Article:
Why, you may wonder, am I writing about Paula Deen in a paper that is mainly about LGBT issues.
Let me just ask this: If instead of the N-word Paula Deen had used the word “faggot” or “dyke” or “fairy” or the C-word, how would you feel about her then?
I’m not one of those who believe the whole “culture of the South” thing is an OK excuse for anything, and I don’t buy into her “I can’t, myself, determine what offends another person.”
The woman is 66 years old – and she can’t determine what sort of language or treatment may offend another person? Seriously? We all know when we are about to offend someone, and sometimes we stop ourselves, and sometimes we say something or do something for the sole purpose of offending and hurting someone.
I face my own demons when it comes to lumping an entire race of people into one little pile of cultural crap. I’m not proud of my thoughts on some things and some people. I would never say them to anyone’s face, but still … The thoughts linger on my brain a little too long sometimes.
As I write often about equal rights for the LGBT community, I have to admit that this whole Paula Deen mess has forced me to take a look at the person I see in the mirror. I mean, how can I insist on equal rights for myself when there are times when I wonder why people don’t have to speak English to get a job, or why women wear those burkas or why we allow Asian-Americans to drive anywhere in the State of California, or why our voting ballots are printed in eight languages, or why – well, you fill in your own little bit of prejudice here. Don’t judge me! Be honest and shake your head up and down, and admit that from time to time you think these things too.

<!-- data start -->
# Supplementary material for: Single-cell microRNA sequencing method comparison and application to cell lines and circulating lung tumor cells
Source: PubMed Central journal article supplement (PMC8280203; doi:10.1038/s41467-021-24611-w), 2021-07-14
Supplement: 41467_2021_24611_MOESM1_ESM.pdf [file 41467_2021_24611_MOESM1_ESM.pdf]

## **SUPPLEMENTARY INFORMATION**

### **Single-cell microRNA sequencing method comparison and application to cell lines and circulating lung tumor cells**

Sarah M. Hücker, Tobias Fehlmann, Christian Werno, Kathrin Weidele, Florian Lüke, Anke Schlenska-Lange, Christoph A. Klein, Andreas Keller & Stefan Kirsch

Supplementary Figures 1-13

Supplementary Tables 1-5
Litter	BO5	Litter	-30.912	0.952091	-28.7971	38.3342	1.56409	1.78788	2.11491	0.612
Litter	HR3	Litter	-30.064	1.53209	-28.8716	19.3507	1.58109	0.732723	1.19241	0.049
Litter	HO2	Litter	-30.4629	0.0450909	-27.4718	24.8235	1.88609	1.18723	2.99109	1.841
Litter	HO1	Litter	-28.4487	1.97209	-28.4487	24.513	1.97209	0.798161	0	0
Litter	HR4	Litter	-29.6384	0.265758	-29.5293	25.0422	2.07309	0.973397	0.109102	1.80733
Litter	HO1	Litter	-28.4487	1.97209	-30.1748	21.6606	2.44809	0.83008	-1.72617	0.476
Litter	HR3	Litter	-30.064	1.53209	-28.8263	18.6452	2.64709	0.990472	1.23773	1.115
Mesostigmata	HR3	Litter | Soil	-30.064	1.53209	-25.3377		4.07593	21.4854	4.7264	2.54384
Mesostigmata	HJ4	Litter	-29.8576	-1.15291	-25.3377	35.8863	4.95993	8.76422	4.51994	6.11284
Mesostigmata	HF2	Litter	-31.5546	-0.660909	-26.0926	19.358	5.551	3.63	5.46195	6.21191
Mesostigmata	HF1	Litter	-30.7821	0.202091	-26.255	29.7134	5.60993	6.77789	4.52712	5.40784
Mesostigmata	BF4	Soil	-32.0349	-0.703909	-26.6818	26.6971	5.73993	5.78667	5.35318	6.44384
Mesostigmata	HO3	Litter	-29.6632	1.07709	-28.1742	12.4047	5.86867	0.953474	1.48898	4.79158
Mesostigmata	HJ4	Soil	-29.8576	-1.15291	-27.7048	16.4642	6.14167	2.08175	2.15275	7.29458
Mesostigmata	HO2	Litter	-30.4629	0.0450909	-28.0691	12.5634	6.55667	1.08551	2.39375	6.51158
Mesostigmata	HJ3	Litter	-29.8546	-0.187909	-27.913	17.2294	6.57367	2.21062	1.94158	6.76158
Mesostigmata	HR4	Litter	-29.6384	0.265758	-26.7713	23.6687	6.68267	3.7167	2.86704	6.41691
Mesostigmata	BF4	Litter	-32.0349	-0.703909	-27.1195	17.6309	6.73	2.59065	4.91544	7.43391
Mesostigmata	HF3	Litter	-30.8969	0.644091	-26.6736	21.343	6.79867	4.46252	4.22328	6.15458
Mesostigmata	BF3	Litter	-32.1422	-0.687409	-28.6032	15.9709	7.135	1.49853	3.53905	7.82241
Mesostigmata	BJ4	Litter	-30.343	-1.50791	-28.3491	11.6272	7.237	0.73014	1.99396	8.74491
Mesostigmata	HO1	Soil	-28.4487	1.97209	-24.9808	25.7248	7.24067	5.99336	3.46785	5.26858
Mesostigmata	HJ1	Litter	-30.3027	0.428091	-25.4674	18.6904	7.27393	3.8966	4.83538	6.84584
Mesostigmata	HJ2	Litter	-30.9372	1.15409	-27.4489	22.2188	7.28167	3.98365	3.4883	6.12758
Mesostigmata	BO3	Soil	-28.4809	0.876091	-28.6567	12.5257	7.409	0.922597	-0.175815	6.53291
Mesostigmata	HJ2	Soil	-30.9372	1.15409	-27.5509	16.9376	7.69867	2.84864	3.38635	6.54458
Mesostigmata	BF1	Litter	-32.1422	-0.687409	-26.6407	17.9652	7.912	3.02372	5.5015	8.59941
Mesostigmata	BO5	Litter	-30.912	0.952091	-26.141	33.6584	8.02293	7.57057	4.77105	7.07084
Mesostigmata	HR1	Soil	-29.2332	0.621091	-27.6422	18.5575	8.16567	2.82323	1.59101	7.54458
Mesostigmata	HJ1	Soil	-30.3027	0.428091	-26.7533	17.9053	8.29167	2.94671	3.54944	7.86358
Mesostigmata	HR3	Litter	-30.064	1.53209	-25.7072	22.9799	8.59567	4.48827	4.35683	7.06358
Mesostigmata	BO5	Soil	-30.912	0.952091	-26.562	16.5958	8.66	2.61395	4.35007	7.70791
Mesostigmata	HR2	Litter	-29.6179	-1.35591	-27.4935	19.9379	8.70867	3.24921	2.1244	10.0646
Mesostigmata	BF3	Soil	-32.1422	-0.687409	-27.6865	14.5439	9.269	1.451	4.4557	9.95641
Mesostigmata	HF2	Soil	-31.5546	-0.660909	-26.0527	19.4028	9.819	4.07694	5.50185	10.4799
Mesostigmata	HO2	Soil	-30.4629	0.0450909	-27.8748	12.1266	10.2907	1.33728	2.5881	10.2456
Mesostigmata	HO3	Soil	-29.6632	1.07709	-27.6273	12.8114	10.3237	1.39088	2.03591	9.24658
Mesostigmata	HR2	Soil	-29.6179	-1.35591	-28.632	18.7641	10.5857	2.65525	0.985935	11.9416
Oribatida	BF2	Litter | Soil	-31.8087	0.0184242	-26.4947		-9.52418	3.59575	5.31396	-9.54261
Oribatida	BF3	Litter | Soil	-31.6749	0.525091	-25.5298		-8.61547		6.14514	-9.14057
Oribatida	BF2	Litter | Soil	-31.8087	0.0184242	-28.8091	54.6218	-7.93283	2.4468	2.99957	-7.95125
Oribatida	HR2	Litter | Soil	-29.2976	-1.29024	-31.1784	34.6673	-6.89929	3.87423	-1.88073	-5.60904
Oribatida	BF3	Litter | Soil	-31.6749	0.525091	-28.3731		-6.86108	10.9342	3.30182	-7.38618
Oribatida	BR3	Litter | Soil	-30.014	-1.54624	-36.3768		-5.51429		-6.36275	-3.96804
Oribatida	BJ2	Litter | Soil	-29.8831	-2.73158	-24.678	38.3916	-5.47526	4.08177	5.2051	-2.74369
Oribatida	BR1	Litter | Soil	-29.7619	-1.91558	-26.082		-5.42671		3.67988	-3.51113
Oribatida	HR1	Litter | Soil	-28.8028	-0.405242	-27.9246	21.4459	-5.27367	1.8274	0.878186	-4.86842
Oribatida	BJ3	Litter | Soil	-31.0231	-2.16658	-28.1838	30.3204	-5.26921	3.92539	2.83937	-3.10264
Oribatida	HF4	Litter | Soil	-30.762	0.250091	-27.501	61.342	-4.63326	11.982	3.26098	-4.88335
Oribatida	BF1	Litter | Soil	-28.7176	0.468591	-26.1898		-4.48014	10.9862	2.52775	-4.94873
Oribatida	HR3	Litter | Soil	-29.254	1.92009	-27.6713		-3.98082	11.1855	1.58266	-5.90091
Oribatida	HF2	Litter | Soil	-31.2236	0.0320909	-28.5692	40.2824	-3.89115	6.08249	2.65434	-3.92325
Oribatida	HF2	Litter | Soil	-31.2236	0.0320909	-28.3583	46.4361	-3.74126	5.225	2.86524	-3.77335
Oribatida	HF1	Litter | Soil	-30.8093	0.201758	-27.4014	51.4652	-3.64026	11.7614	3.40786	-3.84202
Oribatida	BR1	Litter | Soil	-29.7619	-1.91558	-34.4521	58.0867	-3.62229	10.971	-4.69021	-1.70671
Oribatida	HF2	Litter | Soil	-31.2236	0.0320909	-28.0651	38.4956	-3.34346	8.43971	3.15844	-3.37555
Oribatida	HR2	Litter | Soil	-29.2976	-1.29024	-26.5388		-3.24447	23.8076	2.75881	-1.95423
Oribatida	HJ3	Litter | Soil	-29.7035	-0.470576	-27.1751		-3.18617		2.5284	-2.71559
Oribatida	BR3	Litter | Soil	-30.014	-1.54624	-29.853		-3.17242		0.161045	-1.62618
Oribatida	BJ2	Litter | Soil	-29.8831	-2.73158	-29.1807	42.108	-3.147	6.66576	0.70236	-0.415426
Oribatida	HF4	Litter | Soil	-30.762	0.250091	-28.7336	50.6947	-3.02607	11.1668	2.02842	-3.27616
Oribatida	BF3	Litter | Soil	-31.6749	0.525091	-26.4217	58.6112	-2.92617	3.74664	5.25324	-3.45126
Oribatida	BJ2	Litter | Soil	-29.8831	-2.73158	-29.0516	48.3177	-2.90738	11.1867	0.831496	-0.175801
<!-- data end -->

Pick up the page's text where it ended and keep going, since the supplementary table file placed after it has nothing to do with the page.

Freedom and equality have to be for all people – everywhere. Human dignity is a right we all deserve. No one deserves to go to work and be called a derogatory name for any reason. No one deserves to be placed in a certain job because of the color of their skin, and no one deserves to be the butt of a joke – any joke - when it refers to their ethnicity or their gender or their education or their sexual preference.
This is so much bigger than Paula Deen. This is about each and every one of us and how we think, how we act, and what we say, in private and in public. This is about equality and respect and human dignity, for each and every one of us. If, as a lesbian, I’m standing up and telling my government I want to be treated as an equal with respect and dignity – well – then I must treat everyone with the same respect and dignity I want to be treated with, or I don’t deserve to have either.
We can’t excuse anyone’s culture for bigotry or racism or discrimination. All of these things are taught and passed from generation to generation. At some point along the way, someone needs to step up to the plate and say: No, we don’t say these words! No, we don’t believe the way grandfather believed! No, we do not judge anyone by the color of their skin or who they choose to love. No! No! No!
We are all Americans, and that alone should – on some level – bond us together – not tear us apart.
SDGLN Contributor Barb Hamp Weicksel was born in 1952 in Pennsylvania and moved to California in the early 1980s, where she met her partner Susan. They've been together some 30 years and share the love of Susan's four children, nine grandchildren and four great-grandchildren. Her blog, Barb's Gift of Gab, can be found HERE.